Fiji to strengthen its emergency response to marine oil spills

Protecting people and the marine environment is a priority for Fiji, as four ports of the island nation receives oil spill response equipment and training to the value of NZD 850,000.

At the start of 2015 a team consisting of members from Maritime New Zealand, Secretariat of the Pacific Regional Environment Programme (SPREP), and Department of Environment (DOE and the Maritime Safety Authority of Fiji (MSAF) produced a Report on Oil Spill Environmental Risk Assessment.

The report evaluated the existing prevention and oil spill response systems in Fiji against a risk framework and identified four critical high risk sites for oil spill – Port of Suva, Port of Lautoka, Port of Levuka and Port of Malau. It further provided recommendations for ongoing development of prevention and response measures such as the need for oil spill response equipment and training for staff.

Oil 1Port of Levuka, one of the critical high risk sites identified for oil spills. Photo: A.Talouli/SPREP

This has led to funding from New Zealand Foreign Affairs and Trade Aid Programme to purchase the necessary equipment and the training needed for such.

"We are pleased to see that through Fiji's dedication towards quick and efficient responses to oil spills, the much needed support has been given," said Mr. Anthony Talouli, the Pollution Adviser of SPREP.

"It is rewarding to see the assessment report undertaken has led to this assistance given to Fiji, assistance which will ultimately benefit islanders, their communities and environment."

The equipment will help assist with Tier 2 and 3 marine spills. Tier 2 spills are defined as spills that are within the national capability and resources of Fiji to manage and a Tier 3 spill are those that are beyond the national capability and resources of Fiji to manage.

Over the next two weeks a team will travel to each of the four Ports to give hands on training to familiarise staff with the new equipment, review standard operating procedures, develop site safety plan deployment techniques and options such as how to safely and effectively deploy equipment.

The team will also train operators in the development and implementation of a preventative maintenance programme as well as conduct periodic maintenance checks.

"Along with building the capacity of the Marine Safety Authority of Fiji, the training will also help strengthen the skills of other key stakeholders thus improving the national response capability. We're also working to ensure long term maintenance and care of the equipment," said Mr. John Tunidau, the Acting Chief Executive Officer MSAF.

Oil 2Oil spill emergency response equipment funded by the Government of New Zealand to be distributed amongst the four different ports of Fiji, accompanied with training on use and long term maintenance. 
Photo: A.Talouli/SPREP

The social, economic and environmental resources of Fiji are particularly vulnerable to oil spills.
Mangrove environments dominate the shoreline and may take decades to recover. Fiji is home to many species of marine mammal, sea snakes, turtles and birds and has globally recognised important conservation areas.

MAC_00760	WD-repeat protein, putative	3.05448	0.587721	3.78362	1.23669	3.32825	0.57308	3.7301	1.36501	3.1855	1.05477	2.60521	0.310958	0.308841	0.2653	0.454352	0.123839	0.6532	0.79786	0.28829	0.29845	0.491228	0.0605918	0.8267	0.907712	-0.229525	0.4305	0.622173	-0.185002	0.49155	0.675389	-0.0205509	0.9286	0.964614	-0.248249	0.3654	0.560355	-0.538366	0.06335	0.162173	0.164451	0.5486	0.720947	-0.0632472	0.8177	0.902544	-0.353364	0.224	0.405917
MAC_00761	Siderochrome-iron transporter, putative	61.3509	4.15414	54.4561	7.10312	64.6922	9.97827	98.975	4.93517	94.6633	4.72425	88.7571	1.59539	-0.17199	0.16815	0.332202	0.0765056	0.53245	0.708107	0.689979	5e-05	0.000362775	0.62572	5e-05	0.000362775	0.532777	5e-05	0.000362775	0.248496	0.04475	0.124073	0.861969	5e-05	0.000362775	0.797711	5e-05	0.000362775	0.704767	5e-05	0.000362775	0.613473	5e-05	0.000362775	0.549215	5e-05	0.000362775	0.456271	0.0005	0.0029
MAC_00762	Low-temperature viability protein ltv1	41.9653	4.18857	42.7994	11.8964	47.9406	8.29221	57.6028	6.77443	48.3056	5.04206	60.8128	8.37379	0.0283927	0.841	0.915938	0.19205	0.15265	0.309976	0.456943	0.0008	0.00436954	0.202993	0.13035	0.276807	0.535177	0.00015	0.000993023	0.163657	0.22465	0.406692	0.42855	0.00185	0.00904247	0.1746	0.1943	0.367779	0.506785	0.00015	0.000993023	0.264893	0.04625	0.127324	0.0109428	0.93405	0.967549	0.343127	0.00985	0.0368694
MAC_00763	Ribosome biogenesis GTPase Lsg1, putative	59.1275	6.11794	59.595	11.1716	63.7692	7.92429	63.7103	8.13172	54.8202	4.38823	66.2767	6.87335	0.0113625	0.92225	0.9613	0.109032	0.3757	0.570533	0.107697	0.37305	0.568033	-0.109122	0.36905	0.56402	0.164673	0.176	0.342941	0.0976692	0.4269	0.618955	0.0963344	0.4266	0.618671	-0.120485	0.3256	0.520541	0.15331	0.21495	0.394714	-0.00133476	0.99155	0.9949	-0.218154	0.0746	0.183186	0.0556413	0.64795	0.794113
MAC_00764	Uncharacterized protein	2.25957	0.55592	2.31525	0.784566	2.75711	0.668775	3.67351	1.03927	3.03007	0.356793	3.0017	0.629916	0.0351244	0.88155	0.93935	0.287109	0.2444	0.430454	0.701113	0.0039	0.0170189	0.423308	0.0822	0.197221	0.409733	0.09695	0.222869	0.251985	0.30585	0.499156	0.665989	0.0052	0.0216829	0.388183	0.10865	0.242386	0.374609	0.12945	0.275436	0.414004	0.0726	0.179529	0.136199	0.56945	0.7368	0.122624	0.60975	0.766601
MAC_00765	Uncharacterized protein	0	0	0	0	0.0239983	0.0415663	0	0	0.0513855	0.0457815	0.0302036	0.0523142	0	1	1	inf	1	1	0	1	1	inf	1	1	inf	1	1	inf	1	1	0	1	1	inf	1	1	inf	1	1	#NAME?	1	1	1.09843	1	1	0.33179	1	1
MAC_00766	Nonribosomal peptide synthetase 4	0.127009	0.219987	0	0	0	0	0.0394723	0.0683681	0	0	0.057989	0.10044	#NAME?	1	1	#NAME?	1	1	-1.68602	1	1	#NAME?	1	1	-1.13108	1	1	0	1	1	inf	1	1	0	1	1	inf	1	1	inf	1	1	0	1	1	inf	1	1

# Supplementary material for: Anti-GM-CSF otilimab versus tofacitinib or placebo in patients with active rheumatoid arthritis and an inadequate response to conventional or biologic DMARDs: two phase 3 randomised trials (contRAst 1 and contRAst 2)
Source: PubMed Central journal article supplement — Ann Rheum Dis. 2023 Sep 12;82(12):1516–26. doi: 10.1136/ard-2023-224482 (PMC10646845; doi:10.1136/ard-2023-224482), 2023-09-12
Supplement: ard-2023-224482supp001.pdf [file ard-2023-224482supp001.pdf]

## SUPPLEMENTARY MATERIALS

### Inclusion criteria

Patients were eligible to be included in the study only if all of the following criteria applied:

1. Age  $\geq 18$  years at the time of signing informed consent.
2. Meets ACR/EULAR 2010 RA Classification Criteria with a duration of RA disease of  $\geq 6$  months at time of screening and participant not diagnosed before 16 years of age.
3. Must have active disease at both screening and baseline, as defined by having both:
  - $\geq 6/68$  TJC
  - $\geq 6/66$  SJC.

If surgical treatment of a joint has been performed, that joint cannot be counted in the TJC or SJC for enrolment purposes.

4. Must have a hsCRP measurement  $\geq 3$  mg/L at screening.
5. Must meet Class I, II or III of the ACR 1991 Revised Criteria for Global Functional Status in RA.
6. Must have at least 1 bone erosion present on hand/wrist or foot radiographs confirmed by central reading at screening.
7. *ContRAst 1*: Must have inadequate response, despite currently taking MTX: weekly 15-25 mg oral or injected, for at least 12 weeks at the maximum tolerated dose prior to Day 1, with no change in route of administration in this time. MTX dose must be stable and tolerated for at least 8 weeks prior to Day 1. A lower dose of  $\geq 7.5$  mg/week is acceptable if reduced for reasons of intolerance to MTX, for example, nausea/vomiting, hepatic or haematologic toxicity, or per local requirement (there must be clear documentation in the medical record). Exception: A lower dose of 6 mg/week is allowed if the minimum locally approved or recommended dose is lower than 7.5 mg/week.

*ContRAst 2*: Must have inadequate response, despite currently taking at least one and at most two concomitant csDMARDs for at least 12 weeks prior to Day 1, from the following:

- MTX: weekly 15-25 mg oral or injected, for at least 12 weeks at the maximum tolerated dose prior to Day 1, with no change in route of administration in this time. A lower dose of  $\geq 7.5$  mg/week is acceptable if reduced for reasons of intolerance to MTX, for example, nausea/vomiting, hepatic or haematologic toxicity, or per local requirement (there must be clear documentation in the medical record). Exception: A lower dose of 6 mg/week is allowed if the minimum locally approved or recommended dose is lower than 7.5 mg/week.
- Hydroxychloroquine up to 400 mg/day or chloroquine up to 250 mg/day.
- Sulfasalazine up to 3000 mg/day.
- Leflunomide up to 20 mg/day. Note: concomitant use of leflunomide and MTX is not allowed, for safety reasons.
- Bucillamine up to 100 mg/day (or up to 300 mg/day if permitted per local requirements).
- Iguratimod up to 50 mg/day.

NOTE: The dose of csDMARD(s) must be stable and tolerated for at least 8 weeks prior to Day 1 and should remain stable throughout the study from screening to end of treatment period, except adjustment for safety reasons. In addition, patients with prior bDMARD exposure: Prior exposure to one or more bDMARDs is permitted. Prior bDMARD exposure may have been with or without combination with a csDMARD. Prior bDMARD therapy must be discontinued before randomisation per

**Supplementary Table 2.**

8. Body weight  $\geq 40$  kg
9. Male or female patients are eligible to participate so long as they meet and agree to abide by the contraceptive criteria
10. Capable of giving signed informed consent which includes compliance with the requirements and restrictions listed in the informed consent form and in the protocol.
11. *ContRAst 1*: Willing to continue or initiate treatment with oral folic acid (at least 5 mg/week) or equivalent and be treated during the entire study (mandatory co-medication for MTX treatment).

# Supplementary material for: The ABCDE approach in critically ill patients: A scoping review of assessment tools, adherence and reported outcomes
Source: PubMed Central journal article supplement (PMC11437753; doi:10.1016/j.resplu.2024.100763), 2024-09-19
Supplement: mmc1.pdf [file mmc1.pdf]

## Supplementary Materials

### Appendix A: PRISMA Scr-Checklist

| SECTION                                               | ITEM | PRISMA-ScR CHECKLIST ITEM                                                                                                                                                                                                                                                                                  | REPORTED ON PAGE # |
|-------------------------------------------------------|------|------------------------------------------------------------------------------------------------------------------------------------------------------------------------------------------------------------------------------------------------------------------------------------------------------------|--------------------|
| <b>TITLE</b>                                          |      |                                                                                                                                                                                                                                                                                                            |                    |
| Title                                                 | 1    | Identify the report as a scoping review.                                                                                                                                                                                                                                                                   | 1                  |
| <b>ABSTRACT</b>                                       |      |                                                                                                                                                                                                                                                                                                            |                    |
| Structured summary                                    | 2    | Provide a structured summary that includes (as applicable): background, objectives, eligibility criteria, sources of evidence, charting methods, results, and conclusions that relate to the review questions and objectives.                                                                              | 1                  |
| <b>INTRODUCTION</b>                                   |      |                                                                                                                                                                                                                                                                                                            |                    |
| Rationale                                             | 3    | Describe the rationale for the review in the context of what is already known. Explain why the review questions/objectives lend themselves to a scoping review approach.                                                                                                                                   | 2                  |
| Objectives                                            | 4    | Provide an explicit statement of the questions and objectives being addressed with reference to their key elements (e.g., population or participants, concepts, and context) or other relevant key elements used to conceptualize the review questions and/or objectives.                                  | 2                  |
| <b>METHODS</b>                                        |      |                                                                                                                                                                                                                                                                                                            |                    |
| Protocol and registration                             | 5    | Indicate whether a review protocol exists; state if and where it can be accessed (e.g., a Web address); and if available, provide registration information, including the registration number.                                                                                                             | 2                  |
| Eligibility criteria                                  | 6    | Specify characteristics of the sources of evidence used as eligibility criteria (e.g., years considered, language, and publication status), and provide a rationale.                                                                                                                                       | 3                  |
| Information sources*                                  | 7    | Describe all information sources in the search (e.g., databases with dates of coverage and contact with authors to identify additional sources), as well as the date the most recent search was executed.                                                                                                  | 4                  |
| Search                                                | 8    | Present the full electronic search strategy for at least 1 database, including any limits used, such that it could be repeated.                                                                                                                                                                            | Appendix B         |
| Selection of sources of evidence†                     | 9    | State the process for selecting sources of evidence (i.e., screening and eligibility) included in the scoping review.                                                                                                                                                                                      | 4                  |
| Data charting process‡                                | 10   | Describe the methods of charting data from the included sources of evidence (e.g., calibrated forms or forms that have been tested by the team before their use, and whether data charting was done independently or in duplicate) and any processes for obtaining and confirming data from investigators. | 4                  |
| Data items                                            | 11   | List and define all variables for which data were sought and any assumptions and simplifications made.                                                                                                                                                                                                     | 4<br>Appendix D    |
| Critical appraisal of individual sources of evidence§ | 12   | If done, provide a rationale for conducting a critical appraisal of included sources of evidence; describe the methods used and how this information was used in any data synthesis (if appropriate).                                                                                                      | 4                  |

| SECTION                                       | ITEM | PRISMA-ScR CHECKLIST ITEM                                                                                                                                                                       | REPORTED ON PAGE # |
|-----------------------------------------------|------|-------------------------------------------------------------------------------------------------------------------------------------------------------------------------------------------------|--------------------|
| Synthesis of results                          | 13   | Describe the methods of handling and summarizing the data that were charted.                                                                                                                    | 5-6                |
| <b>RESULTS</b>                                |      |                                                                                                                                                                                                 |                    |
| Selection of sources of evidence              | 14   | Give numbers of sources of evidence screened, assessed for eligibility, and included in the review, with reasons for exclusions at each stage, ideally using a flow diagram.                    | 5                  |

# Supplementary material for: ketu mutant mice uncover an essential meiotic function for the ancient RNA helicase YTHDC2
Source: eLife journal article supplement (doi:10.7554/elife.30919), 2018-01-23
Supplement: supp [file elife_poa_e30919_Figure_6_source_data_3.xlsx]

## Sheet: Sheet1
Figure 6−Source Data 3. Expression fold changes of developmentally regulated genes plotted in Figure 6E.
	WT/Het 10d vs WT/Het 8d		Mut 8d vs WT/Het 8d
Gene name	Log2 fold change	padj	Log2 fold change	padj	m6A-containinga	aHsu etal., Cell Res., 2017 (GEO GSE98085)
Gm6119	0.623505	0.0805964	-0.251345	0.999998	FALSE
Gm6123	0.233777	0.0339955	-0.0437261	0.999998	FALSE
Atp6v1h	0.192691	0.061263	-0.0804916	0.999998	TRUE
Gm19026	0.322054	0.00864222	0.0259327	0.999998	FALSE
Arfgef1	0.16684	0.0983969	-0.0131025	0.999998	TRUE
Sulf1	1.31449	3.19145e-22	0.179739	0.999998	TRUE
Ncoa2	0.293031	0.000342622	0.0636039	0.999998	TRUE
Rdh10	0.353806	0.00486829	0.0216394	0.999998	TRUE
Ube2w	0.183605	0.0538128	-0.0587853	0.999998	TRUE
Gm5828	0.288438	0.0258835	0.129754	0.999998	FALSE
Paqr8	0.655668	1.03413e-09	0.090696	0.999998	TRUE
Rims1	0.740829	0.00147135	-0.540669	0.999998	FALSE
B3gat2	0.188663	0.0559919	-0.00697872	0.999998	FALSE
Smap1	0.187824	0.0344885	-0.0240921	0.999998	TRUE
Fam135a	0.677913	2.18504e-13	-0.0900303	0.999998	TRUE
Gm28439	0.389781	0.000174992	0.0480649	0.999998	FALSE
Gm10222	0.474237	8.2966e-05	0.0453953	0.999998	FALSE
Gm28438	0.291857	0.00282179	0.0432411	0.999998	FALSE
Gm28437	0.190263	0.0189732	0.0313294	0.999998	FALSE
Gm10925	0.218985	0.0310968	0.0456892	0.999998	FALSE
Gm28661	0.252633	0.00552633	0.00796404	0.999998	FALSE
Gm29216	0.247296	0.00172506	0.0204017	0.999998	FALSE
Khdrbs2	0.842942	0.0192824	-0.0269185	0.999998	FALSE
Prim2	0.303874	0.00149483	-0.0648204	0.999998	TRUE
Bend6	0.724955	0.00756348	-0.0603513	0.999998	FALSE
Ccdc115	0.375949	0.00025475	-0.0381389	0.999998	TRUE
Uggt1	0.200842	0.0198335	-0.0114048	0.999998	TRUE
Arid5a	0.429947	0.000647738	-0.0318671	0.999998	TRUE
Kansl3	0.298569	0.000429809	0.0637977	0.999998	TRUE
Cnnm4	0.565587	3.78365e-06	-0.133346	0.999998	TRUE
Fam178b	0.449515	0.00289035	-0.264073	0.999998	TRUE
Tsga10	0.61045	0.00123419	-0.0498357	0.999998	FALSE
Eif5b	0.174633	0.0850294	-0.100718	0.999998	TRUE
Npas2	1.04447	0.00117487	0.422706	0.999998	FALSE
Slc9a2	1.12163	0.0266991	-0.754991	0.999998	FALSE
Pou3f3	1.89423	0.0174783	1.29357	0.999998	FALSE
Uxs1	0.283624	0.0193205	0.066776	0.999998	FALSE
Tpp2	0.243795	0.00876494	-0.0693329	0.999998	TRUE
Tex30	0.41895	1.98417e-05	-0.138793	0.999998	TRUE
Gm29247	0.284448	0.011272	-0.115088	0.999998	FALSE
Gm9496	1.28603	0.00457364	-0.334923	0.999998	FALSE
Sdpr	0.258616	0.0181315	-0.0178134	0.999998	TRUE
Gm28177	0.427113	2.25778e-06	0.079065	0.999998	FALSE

This natural environment supports a vibrant Fijian culture along with a very successful tourism industry which generates up to 25% of Fiji's GDP. Fiji also has a large textile and sugar industry and the economic climate indicates shipping is likely to continue to increase bringing with it an increased risk of oil spills.
"It's not only Fiji, spills of oil into the marine environment from ships and land based sources are a major threat to economies and marine environments of the Pacific region," said Talouli.

"You only need to look to the recent events such as the grounding of MV Asian Lily (2012) in Kwaiawata Island, Papua New Guinea, the grounding of Rena (2011) in Tauranga, New Zealand andthe grounding of Forum Samoa II in Apia (2009) to reinforce the importance of marine pollution response preparedness in the Pacific."

Fiji's work in ensuring marine safety contributes to the overall regional actions for protecting people and the marine environment across the Pacific region.

Maiwalu Jetty Walubay SuvaMaiwalu Jetty, Walu Bay, Suva. Photo: A.Talouli/SPREP

In Fiji, marine pollution is regulated by the Maritime Transport Decree (MTD) 2013 which provides the Maritime Safety Authority of Fiji (MSAF) with powers to ensure implementation of a national oil spill response framework such as the National Strategy for Marine Spill Response for Fiji Waters (NATPLAN).

Fiji is also a participating country in the Pacific Islands Regional Marine Spill Contingency Plan (PACPLAN), which provides a framework for regional co-operation and response to major marine spills in the Pacific region.

The PACPLAN sets out priorities for preparedness and identifies responsibilities of member countries to assist in the event of major spills that exceed the response capabilities of one country alone.

The Maritime Transport Decree 2013 sets out an effective framework for the development of oil spill response capability and gives effect to the NATPLAN and Municipal, Provincial Plans.

To develop the NATPLAN further, a Tier II national equipment stockpile should be developed and located in several locations across Fiji. Municipal and Provincial Plans should be developed and include clear criteria for escalation to a national response.

"We now look to the future to see how the work here in Fiji can be replicated across the region to other Pacific island nations, that's the next step."

The handover of the new Oil Spill Response Equipment by the Government of New Zealand to the Government of Fiji took place on 9 August, 2016 in Suva.
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